somewhere i have never travelled, gladly beyond
any experience, your eyes have their silence:
in your most frail gesture are things which enclose me,
or which i cannot touch because they are too near
your slightest look easily will unclose me
though i have closed myself as fingers,
you open always petal by petal myself as Spring opens
(touching skillfully, mysteriously) her first rose
or if your wish be to close me, i and
my life will shut very beautifully, suddenly,
as when the heart of this flower imagines
the snow carefully everywhere descending;
nothing which we are to perceive in this world equals
the power of your intense fragility: whose texture
compels me with the colour of its countries,
rendering death and forever with each breathing
(i do not know what it is about you that closes
and opens; only something in me understands
the voice of your eyes is deeper than all roses)
nobody, not even the rain, has such small hands
From Complete Poems: 1904-1962 by E. E. Cummings, edited by George J. Firmage. Used with the permission of Liveright Publishing Corporation. Copyright © 1923, 1931, 1935, 1940, 1951, 1959, 1963, 1968, 1991 by the Trustees for the E. E. Cummings Trust. Copyright © 1976, 1978, 1979 by George James Firmage.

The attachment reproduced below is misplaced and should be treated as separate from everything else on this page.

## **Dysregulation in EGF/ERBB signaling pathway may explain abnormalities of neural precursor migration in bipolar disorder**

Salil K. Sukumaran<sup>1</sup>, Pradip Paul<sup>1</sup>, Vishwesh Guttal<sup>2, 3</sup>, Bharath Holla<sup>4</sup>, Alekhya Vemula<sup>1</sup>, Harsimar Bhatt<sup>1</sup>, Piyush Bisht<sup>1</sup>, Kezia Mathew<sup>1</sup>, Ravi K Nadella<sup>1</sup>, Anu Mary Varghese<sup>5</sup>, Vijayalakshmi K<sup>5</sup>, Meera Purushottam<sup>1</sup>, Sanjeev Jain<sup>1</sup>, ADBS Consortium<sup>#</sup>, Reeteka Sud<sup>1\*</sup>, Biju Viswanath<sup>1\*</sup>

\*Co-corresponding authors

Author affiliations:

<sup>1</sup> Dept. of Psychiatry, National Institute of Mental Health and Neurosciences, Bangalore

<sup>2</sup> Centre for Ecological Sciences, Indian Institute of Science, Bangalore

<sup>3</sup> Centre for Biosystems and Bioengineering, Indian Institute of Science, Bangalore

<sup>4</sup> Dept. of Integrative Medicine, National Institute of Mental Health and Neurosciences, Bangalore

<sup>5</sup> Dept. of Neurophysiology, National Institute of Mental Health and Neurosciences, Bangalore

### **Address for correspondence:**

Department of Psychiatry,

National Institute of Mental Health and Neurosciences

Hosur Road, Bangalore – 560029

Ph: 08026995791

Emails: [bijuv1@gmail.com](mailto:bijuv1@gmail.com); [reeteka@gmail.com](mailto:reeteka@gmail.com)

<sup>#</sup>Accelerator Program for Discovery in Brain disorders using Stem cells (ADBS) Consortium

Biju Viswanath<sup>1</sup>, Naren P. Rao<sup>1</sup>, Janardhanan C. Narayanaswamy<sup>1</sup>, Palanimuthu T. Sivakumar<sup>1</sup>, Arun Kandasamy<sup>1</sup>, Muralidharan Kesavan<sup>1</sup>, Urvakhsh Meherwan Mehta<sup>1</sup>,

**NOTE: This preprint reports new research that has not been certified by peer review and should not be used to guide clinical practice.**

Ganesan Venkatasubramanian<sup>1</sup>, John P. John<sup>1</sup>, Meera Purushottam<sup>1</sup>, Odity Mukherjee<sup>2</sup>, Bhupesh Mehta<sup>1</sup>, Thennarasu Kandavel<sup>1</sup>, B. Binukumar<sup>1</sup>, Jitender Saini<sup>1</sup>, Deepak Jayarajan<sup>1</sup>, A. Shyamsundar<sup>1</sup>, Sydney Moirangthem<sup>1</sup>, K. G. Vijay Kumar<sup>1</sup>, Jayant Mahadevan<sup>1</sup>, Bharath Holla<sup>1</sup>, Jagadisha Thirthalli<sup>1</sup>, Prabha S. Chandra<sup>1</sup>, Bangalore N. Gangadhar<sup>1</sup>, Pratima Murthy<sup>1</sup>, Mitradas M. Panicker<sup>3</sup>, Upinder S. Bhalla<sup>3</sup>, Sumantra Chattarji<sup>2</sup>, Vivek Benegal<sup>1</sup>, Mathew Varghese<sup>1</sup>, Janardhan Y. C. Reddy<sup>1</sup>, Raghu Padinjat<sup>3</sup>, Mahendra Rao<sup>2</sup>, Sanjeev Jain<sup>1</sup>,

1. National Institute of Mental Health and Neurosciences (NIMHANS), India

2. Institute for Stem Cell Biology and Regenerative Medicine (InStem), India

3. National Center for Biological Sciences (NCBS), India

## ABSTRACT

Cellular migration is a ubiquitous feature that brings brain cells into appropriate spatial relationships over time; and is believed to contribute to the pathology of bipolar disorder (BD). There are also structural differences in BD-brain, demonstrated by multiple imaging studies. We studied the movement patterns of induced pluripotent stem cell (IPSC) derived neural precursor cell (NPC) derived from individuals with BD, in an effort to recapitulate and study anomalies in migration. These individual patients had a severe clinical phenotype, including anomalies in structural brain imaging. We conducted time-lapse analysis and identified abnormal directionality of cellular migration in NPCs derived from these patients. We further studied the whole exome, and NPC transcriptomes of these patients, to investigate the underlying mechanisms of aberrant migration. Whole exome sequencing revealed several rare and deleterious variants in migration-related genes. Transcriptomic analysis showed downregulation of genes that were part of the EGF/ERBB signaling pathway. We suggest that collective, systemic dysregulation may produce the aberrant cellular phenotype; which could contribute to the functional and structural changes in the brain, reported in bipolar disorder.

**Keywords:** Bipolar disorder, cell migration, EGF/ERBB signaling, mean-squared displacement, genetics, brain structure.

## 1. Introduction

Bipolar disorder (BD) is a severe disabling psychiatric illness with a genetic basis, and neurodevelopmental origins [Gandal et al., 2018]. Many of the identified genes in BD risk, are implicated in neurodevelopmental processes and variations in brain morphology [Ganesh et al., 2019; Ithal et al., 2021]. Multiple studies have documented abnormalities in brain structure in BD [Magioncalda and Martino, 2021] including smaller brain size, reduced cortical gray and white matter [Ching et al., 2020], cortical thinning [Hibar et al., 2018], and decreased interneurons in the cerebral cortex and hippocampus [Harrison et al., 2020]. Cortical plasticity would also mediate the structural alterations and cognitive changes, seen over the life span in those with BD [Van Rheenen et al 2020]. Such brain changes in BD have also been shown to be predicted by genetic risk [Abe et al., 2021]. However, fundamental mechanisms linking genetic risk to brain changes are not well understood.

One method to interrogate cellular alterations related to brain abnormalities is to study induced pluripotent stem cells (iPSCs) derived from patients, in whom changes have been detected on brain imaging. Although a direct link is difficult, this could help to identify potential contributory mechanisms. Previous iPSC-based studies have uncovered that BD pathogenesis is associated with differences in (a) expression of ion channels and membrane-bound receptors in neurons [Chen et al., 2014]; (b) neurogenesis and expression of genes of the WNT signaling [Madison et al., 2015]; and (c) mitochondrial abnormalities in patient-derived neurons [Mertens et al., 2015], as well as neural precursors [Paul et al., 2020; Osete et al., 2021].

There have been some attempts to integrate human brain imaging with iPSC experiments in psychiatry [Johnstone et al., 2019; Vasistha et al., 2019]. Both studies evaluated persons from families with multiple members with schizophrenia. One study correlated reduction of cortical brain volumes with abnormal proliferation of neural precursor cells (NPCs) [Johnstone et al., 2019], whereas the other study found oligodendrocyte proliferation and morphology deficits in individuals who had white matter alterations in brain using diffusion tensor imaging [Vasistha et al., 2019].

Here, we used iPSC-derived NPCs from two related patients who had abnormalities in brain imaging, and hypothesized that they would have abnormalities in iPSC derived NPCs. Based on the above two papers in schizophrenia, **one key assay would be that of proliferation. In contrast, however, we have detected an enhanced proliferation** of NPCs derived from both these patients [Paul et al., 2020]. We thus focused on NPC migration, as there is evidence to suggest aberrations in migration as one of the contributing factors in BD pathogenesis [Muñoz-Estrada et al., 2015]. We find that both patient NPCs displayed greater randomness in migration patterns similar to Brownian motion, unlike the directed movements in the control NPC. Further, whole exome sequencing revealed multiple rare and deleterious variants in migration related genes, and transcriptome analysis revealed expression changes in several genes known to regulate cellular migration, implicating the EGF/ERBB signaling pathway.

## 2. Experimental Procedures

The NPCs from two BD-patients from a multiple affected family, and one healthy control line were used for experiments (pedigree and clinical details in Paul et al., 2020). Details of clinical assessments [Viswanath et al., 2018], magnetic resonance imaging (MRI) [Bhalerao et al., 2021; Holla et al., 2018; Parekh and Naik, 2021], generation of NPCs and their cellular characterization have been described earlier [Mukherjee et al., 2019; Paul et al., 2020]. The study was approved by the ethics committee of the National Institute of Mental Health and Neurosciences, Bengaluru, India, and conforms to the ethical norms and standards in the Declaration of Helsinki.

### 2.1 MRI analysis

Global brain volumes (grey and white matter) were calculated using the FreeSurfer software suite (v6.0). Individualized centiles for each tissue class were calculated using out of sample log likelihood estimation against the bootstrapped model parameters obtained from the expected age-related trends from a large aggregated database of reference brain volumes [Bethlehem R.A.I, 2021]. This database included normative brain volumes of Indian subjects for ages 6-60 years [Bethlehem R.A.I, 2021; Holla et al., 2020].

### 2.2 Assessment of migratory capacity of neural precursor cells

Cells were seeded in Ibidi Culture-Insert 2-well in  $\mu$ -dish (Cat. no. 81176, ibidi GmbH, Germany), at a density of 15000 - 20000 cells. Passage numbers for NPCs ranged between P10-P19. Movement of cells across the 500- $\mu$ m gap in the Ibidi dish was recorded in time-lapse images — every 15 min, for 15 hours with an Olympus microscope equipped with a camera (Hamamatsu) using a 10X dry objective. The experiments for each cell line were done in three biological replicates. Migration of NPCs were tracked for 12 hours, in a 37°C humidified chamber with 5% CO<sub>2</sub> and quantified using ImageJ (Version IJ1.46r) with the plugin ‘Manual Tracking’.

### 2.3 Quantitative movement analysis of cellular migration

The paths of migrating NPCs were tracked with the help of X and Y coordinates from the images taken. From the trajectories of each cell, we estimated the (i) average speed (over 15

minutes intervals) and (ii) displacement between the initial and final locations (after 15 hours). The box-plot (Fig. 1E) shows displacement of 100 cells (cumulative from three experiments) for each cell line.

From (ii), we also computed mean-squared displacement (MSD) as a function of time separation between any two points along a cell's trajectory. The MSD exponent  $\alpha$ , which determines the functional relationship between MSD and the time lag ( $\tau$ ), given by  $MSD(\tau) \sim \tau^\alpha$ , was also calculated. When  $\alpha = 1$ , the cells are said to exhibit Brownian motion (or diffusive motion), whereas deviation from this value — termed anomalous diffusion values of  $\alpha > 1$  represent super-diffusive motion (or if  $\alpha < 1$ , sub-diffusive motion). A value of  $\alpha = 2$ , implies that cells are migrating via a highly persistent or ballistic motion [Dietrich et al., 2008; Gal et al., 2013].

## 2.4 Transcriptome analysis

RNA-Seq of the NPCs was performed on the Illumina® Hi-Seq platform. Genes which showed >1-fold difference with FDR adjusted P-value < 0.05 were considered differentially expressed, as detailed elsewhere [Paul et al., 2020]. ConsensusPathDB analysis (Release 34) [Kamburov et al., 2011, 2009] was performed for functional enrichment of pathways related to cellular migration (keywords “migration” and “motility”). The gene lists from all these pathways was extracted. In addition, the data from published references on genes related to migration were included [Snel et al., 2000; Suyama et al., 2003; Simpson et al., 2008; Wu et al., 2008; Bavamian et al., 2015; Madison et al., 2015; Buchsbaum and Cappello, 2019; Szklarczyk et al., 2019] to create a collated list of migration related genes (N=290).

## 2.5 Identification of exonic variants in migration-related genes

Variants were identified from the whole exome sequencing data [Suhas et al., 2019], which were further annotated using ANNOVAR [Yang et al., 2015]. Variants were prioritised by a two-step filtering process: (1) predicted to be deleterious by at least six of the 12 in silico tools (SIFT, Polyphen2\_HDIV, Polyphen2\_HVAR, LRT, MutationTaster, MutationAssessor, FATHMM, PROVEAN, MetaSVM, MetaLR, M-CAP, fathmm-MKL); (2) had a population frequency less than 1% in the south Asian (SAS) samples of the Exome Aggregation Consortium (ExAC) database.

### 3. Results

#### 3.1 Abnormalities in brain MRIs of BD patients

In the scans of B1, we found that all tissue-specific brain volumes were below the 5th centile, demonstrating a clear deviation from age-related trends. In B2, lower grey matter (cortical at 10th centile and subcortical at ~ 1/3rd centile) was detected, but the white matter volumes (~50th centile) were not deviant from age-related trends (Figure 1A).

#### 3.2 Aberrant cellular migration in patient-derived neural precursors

What will suffice for a true-love knot? Even the rain?
But he has bought grief’s lottery, bought even the rain.
“Our glosses / wanting in this world”—“Can you remember?”
Anyone!—“when we thought / the poets taught” even the rain?
After we died—That was it!—God left us in the dark.
And as we forgot the dark, we forgot even the rain.
Drought was over. Where was I? Drinks were on the house.
For mixers, my love, you’d poured—what?—even the rain.
Of this pear-shaped orange’s perfumed twist, I will say:
Extract Vermouth from the bergamot, even the rain.
How did the Enemy love you—with earth? air? and fire?
He held just one thing back till he got even: the rain.
This is God’s site for a new house of executions?
You swear by the Bible, Despot, even the rain?
After the bones—those flowers—this was found in the urn:
The lost river, ashes from the ghat, even the rain.
What was I to prophesy if not the end of the world?
A salt pillar for the lonely lot, even the rain.
How the air raged, desperate, streaming the earth with flames—
To help burn down my house, Fire sought even the rain.
He would raze the mountains, he would level the waves;
he would, to smooth his epic plot, even the rain.
New York belongs at daybreak to only me, just me—
To make this claim Memory’s brought even the rain.
They’ve found the knife that killed you, but whose prints are these?
No one has such small hands, Shahid, not even the rain.
From Call Me Ishmael Tonight by Agha Shahid Ali. Copyright © 2003 by the Agha Shahid Ali Literary Trust. Used by permission of W. W. Norton & Company, Inc. All rights reserved.